Prints can be ordered in a choice of three sizes, individually or as the set of five:

1. Large size prints of approximately 67x50 cm, this is near to the actual size of the original artworks.
2. Half size at 50x36.5 cm
3. Smaller size of approximately 40x29.7 cm. 

Saturday 1 October 2011

Skull paintings premières in London.

An early study for the 'Laughing in the Face of Death"
series, 2006.

For the first time in the Capital, the complimentary surroundings of the Jivamukti Yoga Centre in West London showcases a collection of Tashi Mannox's limited edition art prints. Featuring the iconic five skull paintings called the "Laughing in the face of Death"series, as below.

The exhibition opens on Sunday 16th October 2011 when at 6.45pm Tashi gives a short talk and  meditation. For more details click here. and here.

This event also coincides and runs as part of the Himalayan Film & Cultural Festival in London. The festival runs from 13-31st October that celebrates rich and varied cultures of the world's mightiest mountain range with film, music, art and photography. Follow the link here for more information.

Tashi leading a meditation retreat on Holy Island 1993.

Tuesday 30 August 2011

World Calligraphy

A detail from "The Heart of Emptiness" Tashi Mannox 2008.

The calligraphy traditions of the world are many, each with their own unique style and beauty. Historically calligraphy has documented the greatest knowledge and wisdoms of the world, preserved and treasured as illuminated manuscripts. 
In more resent times the calligraphy styles have developed into fonts, easily published; they have become powerful tools of communication in propaganda and prayers distributed as: 
"May peace prevail on Earth"

Learn Calligraphy of the world by Margaret Shepherd.

Margaret Shepherd a well-known calligraphy artist and prolific author of dozens of books on calligraphy and how to write masterfully. 
She has recently published another called "Learn World Calligraphy": an amply illustrated book that presents African, Arabic, Chinese, Ethiopic, Greek, Hebrew, Indian, Japanese, Korean, Mongolian, Russian, Thai and Tibetan calligraphy.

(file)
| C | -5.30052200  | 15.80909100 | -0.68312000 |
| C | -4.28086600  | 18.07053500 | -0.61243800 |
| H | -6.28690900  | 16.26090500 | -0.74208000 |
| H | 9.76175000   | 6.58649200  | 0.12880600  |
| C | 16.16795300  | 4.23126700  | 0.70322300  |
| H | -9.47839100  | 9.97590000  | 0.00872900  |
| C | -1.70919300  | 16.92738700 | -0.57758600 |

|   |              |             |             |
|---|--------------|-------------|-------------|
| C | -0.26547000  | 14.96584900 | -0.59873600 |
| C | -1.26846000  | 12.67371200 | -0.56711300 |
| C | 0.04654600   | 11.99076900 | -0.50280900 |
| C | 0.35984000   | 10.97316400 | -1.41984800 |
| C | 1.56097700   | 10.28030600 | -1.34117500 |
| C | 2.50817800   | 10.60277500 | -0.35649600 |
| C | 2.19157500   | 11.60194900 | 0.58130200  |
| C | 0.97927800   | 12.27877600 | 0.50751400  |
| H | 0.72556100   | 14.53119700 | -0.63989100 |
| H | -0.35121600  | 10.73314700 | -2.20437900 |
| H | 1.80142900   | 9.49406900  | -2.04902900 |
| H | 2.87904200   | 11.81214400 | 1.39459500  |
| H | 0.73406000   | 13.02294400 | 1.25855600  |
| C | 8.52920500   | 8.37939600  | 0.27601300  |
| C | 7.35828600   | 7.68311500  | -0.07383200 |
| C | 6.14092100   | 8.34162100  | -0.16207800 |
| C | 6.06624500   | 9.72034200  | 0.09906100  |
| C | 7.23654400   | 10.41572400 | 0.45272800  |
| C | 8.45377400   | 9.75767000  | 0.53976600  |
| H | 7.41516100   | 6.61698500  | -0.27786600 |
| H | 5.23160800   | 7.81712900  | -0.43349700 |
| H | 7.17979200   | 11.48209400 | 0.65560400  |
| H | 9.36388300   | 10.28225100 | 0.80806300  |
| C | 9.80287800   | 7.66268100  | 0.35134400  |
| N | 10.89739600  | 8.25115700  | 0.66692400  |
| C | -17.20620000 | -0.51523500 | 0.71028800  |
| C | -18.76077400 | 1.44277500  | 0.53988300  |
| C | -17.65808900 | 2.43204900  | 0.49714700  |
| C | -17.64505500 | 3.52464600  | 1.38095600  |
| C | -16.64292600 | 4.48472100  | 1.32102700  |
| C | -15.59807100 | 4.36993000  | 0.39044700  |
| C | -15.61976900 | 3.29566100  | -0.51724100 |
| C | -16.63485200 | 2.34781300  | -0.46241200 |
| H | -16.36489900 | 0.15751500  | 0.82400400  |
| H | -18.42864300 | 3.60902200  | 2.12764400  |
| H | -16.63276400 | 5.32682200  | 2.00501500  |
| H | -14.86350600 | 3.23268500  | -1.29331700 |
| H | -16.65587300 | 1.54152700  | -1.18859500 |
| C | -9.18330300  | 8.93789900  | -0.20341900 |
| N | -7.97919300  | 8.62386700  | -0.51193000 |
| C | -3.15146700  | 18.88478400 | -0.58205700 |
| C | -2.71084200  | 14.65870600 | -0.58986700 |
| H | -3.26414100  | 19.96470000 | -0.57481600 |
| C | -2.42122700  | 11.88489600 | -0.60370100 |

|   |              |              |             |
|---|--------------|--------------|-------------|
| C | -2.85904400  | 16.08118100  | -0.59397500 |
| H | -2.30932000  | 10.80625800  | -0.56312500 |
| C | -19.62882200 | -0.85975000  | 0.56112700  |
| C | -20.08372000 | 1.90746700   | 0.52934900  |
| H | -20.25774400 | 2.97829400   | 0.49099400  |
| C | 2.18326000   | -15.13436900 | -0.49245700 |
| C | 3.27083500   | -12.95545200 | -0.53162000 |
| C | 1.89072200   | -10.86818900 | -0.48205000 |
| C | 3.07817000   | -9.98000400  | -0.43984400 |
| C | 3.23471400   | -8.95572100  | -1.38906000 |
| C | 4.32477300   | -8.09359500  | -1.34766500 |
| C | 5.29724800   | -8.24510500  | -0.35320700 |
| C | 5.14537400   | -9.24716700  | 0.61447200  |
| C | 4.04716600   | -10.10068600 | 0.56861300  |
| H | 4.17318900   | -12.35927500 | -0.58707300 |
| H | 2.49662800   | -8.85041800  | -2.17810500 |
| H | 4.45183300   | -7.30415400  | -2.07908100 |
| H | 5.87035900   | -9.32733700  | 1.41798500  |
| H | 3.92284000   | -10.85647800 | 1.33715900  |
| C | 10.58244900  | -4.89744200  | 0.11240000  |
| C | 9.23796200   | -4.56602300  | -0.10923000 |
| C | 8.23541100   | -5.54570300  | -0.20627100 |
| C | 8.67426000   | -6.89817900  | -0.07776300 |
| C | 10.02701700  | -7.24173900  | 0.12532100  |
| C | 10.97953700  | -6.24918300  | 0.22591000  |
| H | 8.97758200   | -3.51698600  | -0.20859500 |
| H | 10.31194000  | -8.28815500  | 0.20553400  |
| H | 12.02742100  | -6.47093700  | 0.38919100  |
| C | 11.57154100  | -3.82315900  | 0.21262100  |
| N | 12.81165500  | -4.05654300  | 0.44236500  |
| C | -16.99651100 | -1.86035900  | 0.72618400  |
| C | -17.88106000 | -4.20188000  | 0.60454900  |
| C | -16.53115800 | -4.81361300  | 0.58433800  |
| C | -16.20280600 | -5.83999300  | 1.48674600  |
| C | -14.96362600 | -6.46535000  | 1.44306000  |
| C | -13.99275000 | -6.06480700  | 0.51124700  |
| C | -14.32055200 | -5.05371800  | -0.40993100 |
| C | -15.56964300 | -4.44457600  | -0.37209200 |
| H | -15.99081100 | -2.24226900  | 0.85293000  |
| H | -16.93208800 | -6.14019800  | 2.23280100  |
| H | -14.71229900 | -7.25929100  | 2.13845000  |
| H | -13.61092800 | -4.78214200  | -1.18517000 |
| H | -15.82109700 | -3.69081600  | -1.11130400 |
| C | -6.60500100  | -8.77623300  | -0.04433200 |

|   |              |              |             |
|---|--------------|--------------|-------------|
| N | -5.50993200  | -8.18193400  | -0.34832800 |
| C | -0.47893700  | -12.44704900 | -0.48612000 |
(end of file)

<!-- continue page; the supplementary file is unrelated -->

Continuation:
The above art piece called "The Heart of Emptiness" is among others of Tashi's works that are illustrated within the Tibetan Calligraphy section of the book.

The ‘written’ script represents a language, and a language represents thought. Therefore, one must be able to write a script that is understandable to all, that the meaning of the word is best honored as a beautiful art form called calligraphy. This is the integrity of the written language and the preservation of the knowledge that it upholds. Tashi Mannox 2011.

Saturday 20 August 2011

Print Exhibition

"Laughing in the face of stupidity"
ⓒ Tashi Mannox 2011

Herefordshire Art Week: 10-18 September 2011

h.Art is Herefordshire's Open Studios tenth event, giving you exclusive access to artists' studios, workshops and special exhibitions. This year there are 103 fantastic venues spread across the whole county and borders. It is the perfect opportunity to meet the makers in relaxed surroundings, learn about their techniques and inspiration and perhaps buy a print or an original artwork. 

For the first time Tashi Mannox exhibits in his home county Herefordshire. This will also be a première showing of his striking set of five "Laughing in the face of death" paintings as well as other first editions from his illuminated iconographic series, of which have been beautifully replicated as more affordable limited addition giclée prints. 

There is an opportunity to meet Tashi personally during the exhibition opening on Saturday 10th September, 7pm-9.30pm. 

To see details of this exhibition and other Herefordshire art events, please follow the link here.

If you are unable to visit the exhibition and would like to order limited addition prints, there is a wider range of prints in different sizes available via the Tashi Mannox website.

Hand gilding a print with genuine gold and silver leaf.